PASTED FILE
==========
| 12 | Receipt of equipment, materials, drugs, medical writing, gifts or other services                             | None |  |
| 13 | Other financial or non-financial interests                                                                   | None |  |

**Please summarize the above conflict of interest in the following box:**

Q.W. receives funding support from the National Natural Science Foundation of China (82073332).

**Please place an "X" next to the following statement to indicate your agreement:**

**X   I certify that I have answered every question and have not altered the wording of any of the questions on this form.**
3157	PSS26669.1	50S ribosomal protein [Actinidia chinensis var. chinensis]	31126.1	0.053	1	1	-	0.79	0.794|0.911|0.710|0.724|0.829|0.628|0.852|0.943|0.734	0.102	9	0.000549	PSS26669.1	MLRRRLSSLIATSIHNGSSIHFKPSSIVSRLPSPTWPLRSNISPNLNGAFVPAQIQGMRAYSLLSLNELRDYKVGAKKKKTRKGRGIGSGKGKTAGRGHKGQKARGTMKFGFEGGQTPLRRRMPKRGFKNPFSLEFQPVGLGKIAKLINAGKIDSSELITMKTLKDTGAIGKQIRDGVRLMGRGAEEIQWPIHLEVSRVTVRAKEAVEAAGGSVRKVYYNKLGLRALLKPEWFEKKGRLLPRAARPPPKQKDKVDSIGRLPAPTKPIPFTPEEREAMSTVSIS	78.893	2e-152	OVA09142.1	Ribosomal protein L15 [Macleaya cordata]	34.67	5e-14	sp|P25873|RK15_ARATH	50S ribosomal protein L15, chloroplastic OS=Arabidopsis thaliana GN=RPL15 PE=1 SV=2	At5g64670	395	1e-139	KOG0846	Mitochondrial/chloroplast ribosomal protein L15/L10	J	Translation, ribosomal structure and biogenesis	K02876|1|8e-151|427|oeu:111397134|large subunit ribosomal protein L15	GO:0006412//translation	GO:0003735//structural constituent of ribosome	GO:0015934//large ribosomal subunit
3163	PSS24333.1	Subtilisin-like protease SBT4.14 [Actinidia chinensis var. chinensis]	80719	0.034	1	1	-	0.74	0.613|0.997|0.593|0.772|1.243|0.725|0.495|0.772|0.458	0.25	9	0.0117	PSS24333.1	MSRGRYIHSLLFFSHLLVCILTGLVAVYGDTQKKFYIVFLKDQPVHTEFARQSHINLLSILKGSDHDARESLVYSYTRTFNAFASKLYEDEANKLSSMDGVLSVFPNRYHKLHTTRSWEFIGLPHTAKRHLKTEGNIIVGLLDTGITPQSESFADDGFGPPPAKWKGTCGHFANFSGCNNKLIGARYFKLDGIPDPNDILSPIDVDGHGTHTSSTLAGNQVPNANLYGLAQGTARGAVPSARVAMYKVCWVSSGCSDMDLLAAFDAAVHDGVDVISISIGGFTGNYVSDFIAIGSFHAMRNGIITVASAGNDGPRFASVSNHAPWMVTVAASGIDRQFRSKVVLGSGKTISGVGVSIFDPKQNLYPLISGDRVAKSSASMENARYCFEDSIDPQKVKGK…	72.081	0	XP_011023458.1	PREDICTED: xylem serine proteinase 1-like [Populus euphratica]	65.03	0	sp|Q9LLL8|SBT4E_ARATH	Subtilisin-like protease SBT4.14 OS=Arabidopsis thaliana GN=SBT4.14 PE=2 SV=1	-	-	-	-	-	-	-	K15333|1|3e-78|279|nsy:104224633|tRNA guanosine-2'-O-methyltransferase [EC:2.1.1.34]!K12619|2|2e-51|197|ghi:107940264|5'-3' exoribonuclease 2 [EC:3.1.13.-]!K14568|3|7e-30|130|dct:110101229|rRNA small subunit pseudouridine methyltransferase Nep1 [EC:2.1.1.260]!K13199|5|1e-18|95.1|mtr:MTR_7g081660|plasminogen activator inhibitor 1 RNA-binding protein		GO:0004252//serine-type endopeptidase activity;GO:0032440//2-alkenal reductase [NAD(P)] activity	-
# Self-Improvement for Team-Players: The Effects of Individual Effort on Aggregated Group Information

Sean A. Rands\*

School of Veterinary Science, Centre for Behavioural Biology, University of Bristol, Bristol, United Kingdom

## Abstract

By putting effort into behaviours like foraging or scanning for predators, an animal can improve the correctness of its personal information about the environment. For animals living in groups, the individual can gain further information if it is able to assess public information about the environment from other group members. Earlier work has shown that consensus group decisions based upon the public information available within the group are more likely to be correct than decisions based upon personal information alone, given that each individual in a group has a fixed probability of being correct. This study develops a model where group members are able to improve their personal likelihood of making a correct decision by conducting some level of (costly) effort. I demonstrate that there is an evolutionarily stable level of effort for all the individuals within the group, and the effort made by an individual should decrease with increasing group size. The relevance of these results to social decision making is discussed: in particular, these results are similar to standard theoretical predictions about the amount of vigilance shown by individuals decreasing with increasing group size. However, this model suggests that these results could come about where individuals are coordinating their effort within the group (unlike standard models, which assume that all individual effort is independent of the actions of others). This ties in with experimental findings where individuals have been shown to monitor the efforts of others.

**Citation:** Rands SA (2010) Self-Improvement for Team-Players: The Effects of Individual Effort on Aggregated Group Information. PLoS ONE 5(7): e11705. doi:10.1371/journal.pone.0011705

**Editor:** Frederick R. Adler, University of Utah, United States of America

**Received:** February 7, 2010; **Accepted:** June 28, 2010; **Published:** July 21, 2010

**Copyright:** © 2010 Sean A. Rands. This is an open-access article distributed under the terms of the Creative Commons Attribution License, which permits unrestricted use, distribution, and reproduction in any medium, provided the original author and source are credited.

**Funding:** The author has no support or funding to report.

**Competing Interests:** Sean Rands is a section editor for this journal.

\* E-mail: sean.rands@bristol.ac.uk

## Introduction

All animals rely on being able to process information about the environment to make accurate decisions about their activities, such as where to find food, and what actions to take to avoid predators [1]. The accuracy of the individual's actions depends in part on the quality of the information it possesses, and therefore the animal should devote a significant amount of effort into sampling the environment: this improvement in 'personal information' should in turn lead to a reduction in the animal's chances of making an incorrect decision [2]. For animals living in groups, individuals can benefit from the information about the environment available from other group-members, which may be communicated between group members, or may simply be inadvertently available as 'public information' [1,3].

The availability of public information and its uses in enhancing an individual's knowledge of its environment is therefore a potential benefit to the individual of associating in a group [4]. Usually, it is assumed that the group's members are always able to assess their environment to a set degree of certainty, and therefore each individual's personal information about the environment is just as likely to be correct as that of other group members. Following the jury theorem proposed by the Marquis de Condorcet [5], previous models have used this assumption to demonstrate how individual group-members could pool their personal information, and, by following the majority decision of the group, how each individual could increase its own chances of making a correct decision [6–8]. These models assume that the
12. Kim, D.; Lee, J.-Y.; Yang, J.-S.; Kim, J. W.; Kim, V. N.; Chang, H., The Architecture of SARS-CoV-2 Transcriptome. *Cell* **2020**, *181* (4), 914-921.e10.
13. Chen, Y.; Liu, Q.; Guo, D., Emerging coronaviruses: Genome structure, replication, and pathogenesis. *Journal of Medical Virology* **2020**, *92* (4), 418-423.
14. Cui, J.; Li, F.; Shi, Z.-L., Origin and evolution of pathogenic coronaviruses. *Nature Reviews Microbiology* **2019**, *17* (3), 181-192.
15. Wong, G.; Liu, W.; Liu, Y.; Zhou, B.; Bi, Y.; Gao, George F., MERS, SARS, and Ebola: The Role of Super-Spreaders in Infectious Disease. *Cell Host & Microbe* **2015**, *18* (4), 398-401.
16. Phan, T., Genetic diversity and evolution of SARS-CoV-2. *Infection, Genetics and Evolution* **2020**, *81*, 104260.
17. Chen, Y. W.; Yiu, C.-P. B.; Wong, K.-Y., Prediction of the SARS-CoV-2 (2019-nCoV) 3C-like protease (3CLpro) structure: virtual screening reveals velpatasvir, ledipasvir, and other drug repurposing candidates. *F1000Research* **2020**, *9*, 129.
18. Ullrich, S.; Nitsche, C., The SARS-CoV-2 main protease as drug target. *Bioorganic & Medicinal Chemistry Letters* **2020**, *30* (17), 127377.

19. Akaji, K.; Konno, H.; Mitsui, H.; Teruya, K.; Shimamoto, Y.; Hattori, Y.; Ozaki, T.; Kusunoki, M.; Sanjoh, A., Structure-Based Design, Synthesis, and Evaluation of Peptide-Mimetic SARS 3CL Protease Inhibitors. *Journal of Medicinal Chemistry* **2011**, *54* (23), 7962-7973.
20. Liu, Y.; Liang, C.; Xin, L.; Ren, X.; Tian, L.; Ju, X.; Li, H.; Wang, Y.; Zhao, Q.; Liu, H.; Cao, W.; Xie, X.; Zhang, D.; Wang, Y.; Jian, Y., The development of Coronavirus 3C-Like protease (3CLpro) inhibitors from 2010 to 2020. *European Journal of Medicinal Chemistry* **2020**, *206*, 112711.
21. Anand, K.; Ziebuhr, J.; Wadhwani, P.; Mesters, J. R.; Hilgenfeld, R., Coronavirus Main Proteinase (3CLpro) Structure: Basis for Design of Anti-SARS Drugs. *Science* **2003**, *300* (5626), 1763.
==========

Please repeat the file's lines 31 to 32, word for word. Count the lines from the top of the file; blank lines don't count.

19. Akaji, K.; Konno, H.; Mitsui, H.; Teruya, K.; Shimamoto, Y.; Hattori, Y.; Ozaki, T.; Kusunoki, M.; Sanjoh, A., Structure-Based Design, Synthesis, and Evaluation of Peptide-Mimetic SARS 3CL Protease Inhibitors. *Journal of Medicinal Chemistry* **2011**, *54* (23), 7962-7973.
20. Liu, Y.; Liang, C.; Xin, L.; Ren, X.; Tian, L.; Ju, X.; Li, H.; Wang, Y.; Zhao, Q.; Liu, H.; Cao, W.; Xie, X.; Zhang, D.; Wang, Y.; Jian, Y., The development of Coronavirus 3C-Like protease (3CLpro) inhibitors from 2010 to 2020. *European Journal of Medicinal Chemistry* **2020**, *206*, 112711.